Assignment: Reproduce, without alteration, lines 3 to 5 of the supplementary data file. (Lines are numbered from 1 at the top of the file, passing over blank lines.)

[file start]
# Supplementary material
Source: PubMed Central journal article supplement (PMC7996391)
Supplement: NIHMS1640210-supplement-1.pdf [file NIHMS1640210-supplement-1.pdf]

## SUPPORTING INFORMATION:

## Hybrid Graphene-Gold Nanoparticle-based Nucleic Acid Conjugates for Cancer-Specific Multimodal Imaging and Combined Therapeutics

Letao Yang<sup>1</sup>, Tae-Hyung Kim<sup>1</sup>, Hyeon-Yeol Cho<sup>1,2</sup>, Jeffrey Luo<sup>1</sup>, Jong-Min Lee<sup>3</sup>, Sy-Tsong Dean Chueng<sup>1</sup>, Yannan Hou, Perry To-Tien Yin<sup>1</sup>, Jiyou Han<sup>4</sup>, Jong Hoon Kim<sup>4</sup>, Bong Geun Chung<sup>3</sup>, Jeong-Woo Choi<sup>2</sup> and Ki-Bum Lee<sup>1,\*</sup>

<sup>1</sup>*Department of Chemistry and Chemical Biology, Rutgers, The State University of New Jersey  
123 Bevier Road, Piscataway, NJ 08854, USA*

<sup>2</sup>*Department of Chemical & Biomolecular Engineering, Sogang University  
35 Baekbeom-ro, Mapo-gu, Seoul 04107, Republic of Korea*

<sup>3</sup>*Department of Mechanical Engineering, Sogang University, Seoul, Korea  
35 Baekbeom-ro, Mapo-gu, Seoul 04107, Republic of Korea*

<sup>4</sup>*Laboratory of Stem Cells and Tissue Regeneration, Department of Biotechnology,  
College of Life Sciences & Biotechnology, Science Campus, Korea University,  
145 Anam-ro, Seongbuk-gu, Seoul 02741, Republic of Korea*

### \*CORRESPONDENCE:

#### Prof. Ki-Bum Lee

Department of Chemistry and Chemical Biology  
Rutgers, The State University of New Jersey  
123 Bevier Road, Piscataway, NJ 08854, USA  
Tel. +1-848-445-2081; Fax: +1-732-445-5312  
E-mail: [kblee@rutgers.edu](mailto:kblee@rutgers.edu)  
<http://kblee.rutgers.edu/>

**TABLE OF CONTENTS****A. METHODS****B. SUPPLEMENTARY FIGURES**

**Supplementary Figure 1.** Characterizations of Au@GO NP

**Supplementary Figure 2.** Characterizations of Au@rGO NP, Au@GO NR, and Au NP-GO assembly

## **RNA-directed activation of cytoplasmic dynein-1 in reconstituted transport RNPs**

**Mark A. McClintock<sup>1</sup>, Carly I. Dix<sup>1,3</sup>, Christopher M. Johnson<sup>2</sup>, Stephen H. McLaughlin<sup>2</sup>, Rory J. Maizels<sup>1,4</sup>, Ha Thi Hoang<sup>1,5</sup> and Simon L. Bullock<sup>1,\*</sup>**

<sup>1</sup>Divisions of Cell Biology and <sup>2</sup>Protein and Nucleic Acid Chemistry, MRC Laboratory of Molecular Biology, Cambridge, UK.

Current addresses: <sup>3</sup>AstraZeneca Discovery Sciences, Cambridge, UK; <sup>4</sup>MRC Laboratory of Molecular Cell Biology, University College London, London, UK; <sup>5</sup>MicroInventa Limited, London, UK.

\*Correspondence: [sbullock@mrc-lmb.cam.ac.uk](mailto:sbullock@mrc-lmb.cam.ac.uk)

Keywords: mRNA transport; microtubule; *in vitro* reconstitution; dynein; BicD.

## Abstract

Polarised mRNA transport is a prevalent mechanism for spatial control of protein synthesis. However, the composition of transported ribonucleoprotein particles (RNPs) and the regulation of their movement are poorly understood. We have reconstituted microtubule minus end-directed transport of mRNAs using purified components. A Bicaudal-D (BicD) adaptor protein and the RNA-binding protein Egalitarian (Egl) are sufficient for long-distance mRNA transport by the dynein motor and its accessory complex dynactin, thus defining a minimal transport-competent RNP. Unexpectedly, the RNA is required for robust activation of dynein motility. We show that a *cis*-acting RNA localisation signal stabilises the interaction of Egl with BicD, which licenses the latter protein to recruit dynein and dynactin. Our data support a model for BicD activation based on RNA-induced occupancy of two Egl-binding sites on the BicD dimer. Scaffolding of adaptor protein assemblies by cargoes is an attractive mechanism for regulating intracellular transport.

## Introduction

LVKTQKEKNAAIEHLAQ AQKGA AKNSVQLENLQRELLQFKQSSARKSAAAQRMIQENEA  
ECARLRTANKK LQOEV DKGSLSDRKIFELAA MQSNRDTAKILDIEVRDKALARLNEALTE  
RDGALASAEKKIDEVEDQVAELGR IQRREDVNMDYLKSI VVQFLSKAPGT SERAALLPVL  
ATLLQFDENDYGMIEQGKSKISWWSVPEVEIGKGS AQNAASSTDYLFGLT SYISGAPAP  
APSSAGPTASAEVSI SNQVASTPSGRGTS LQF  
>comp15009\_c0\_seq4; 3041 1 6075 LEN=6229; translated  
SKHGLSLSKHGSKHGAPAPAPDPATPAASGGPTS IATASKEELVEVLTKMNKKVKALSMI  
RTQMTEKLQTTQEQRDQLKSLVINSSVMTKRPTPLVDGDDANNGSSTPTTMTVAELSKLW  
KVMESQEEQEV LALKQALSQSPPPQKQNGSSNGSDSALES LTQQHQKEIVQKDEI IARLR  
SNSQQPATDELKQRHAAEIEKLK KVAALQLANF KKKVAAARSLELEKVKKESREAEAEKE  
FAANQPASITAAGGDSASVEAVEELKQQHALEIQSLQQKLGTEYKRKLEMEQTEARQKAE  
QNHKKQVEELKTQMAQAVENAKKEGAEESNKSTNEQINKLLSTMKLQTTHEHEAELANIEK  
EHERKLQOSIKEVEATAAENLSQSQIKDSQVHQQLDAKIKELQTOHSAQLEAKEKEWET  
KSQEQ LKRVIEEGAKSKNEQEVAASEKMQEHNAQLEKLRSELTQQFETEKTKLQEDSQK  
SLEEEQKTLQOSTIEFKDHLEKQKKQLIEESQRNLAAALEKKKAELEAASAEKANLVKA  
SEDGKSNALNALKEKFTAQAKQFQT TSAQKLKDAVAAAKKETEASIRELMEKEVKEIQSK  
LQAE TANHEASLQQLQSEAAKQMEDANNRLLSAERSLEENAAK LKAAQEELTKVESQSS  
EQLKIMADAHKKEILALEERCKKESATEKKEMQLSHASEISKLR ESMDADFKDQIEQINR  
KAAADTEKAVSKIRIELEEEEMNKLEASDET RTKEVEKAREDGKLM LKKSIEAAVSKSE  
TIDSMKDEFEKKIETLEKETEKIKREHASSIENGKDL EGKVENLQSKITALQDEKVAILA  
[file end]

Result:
Supplement: NIHMS1640210-supplement-1.pdf [file NIHMS1640210-supplement-1.pdf]

## SUPPORTING INFORMATION:

## Hybrid Graphene-Gold Nanoparticle-based Nucleic Acid Conjugates for Cancer-Specific Multimodal Imaging and Combined Therapeutics